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Meet our Scientific Advisory Board: Rita Ugarelli

Rita Ugarelli is Chief Scientist at SINTEF Community and adjunct professor at the Norwegian technical university in Norway. She holds a PhD in Civil engineering with focus on urban water infrastructure asset management. She has coordinated the H2020 STOP-IT project (, leader of the work package dealing with cybersecurity in the H2020 Digital Water project ( and with the development of a “water smartness” assessment framework in the H2020 B-WaterSmart project (
She is project manager for SINTEF of several projects related to urban water infrastructure asset management, with focus on condition assessment, reliability analysis, rehabilitation, digital transition, investment planning and sustainable development. She covers the role of co-leader of the Water Europe ( cluster “Digital Water” and of the action group “critical infrastructure protection” of the ICT4Water Cluster ( Rita is Associate Editor of the “Urban Water Journal” and member of the CERIS Expert group FCT/INFRA.

What are the main infrastructure challenges in your area, and in your country?

– Water infrastructure is a vital lifeline for communities worldwide, yet many regions face significant challenges in maintaining and improving this critical resource. In Norway the aging infrastructure is a pressing concern. Many of the pipes, treatment plants, and reservoirs were built decades ago and are now deteriorating. This leads to frequent leaks and bursts, causing substantial water loss and increasing maintenance costs. Additionally, aging infrastructure poses a risk of contamination, threatening the safety of our drinking water.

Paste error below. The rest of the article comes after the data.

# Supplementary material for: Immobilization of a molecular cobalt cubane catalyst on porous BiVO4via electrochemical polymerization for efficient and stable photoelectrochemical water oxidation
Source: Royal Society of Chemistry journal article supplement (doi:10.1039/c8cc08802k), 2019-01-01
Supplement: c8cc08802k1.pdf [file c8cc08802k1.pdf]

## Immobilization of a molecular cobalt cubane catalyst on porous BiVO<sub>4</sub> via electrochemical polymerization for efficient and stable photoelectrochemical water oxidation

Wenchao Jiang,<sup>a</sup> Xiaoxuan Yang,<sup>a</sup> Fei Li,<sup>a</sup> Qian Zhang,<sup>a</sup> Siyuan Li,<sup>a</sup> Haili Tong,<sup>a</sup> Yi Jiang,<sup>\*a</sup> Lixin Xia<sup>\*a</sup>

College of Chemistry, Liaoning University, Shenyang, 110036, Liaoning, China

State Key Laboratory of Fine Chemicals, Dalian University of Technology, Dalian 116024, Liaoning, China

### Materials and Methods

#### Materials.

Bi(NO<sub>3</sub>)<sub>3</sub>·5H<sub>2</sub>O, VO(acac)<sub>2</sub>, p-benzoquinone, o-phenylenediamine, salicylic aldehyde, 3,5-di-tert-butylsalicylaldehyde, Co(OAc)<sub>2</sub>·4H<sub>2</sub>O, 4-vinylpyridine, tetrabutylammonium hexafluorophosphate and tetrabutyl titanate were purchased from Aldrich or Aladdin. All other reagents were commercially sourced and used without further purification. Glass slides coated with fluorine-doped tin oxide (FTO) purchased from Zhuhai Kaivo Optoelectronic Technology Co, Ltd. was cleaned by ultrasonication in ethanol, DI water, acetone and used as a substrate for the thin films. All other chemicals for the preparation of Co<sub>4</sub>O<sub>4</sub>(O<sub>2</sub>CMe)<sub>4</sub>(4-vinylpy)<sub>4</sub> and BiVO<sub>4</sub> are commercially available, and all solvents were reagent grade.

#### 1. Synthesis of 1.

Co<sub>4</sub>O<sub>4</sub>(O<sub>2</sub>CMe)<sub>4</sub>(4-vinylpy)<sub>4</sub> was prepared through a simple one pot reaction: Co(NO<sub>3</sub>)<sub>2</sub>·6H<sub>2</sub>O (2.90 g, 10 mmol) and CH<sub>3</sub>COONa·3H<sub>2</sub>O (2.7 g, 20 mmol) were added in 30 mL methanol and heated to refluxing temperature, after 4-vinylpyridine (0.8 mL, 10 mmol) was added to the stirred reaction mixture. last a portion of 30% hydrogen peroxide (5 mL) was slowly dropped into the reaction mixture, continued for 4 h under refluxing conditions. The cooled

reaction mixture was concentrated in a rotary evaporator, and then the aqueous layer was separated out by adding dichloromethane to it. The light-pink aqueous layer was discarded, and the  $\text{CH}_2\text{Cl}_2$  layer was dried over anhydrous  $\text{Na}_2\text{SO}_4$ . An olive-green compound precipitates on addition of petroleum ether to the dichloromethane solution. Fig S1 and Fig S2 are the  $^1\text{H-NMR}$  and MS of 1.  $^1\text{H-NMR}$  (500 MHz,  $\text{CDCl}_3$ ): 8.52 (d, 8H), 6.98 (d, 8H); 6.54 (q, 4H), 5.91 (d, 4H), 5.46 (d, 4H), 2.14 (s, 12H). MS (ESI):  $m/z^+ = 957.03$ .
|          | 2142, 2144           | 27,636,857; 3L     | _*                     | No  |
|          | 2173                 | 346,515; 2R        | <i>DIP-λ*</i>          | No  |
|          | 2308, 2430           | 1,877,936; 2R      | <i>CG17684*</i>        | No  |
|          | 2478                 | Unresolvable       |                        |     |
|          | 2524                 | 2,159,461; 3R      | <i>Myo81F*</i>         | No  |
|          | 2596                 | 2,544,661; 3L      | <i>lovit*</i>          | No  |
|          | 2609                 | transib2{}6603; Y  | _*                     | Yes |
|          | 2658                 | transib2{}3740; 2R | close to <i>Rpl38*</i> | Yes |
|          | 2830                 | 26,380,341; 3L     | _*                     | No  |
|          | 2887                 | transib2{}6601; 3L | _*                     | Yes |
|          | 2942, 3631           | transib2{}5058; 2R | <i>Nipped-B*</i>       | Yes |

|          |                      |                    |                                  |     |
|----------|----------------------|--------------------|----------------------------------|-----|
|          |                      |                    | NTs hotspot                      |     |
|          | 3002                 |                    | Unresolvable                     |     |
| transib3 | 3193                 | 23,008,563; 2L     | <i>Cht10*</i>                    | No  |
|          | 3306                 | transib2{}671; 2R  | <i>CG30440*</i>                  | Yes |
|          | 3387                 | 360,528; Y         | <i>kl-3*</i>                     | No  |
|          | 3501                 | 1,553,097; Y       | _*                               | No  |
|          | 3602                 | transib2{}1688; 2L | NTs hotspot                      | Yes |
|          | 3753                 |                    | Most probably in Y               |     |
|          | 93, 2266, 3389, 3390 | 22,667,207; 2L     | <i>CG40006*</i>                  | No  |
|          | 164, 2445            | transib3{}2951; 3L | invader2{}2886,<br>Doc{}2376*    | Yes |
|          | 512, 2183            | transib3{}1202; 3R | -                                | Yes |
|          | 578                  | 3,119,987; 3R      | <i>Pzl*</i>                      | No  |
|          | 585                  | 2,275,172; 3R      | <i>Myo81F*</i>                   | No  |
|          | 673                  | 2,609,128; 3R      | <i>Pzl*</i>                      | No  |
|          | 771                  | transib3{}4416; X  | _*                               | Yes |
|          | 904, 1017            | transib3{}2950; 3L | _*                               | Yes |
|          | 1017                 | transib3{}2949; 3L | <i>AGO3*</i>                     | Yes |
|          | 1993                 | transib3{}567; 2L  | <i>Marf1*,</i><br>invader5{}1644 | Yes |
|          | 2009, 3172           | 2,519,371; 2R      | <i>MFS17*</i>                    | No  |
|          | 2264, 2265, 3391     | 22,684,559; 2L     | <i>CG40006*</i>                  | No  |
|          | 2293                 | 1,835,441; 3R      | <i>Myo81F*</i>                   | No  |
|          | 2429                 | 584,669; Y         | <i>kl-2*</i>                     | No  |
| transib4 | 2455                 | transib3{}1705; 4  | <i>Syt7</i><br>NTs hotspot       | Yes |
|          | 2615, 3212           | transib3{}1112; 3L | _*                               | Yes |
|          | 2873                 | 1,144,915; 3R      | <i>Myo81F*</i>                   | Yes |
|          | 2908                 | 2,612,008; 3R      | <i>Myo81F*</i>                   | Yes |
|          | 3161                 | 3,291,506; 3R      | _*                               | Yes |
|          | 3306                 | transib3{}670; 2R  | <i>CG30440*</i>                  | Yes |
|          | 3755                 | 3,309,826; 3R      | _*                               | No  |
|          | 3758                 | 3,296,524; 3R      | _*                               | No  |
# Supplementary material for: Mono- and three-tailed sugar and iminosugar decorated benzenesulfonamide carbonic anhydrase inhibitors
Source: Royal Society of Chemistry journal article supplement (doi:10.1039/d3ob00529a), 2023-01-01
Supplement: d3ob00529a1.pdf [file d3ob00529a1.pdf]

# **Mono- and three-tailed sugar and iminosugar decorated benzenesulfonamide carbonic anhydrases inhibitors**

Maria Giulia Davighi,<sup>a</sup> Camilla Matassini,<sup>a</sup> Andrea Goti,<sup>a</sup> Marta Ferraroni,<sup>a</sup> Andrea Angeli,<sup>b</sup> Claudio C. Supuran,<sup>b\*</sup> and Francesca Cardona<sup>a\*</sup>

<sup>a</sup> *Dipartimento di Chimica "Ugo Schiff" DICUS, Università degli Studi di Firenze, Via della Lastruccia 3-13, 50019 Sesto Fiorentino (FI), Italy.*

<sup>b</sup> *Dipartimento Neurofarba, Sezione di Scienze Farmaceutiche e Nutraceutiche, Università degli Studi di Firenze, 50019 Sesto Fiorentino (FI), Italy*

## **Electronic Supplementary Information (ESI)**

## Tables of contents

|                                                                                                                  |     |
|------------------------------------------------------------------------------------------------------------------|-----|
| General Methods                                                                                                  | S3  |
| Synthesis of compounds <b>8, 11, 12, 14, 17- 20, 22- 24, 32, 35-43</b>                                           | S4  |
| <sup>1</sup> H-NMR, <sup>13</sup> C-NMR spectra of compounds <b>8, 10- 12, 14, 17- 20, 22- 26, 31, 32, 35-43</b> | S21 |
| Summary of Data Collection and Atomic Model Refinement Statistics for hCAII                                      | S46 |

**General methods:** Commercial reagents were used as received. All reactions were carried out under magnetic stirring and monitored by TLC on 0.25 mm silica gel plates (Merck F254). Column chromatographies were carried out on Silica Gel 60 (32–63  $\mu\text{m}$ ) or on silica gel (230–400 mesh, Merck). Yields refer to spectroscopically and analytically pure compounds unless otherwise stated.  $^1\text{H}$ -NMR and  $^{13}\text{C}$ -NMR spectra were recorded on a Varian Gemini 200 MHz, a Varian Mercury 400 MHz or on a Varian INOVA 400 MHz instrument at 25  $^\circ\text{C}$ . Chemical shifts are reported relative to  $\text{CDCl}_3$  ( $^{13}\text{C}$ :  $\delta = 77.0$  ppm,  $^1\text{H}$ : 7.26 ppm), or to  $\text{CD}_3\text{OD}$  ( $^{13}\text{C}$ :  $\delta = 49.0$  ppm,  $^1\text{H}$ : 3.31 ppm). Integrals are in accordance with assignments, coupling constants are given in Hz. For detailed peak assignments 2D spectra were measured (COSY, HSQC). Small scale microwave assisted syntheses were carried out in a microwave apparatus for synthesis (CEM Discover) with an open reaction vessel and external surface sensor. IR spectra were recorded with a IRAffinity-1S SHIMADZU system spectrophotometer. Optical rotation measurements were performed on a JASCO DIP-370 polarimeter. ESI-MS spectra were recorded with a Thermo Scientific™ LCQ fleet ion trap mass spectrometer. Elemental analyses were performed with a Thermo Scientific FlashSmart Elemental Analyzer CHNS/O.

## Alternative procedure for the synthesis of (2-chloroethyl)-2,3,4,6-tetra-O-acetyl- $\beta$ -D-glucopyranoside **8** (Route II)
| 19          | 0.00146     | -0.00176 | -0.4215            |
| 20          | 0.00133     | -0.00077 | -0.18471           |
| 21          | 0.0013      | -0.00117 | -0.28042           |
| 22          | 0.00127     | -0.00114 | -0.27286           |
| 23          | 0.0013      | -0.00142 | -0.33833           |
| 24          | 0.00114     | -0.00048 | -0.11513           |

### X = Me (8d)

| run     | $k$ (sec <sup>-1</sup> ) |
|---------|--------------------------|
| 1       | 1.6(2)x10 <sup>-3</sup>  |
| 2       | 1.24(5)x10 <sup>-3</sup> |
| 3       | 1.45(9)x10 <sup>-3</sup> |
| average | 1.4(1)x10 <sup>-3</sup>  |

Climate change adds another layer of complexity to water management. The unpredictability requires more resilient systems to ensure water security.

Further, cybersecurity is becoming an increasingly critical issue. As water infrastructure becomes more digitized, it becomes vulnerable to cyber attacks and to the cascading effects to the service provided. Protecting water systems from these threats is essential to ensure their reliability and safety.

Adopting new technologies can significantly improve water management. Advanced technologies like smart sensors for leak detection, real-time monitoring systems, and efficient water treatment methods can enhance the reliability and efficiency of water systems. However, defining a digitalization strategy is crucial. This strategy should not be limited to installing smart solutions but should have the human knowledge at its core to convert data into information for decision making and it should also include comprehensive planning, cybersecurity measures, and integration with existing systems to ensure seamless operation and security.

Building resilient infrastructure capable of withstanding extreme weather conditions brought on by climate change is another priority. Climate risk assessments should be integrated into the planning and construction of water infrastructure projects to ensure long-term sustainability.

Community engagement and education are also crucial. Educating communities about water conservation and sustainable water use can foster more responsible behavior. Public awareness campaigns and involving local communities in water management decisions can make a significant difference.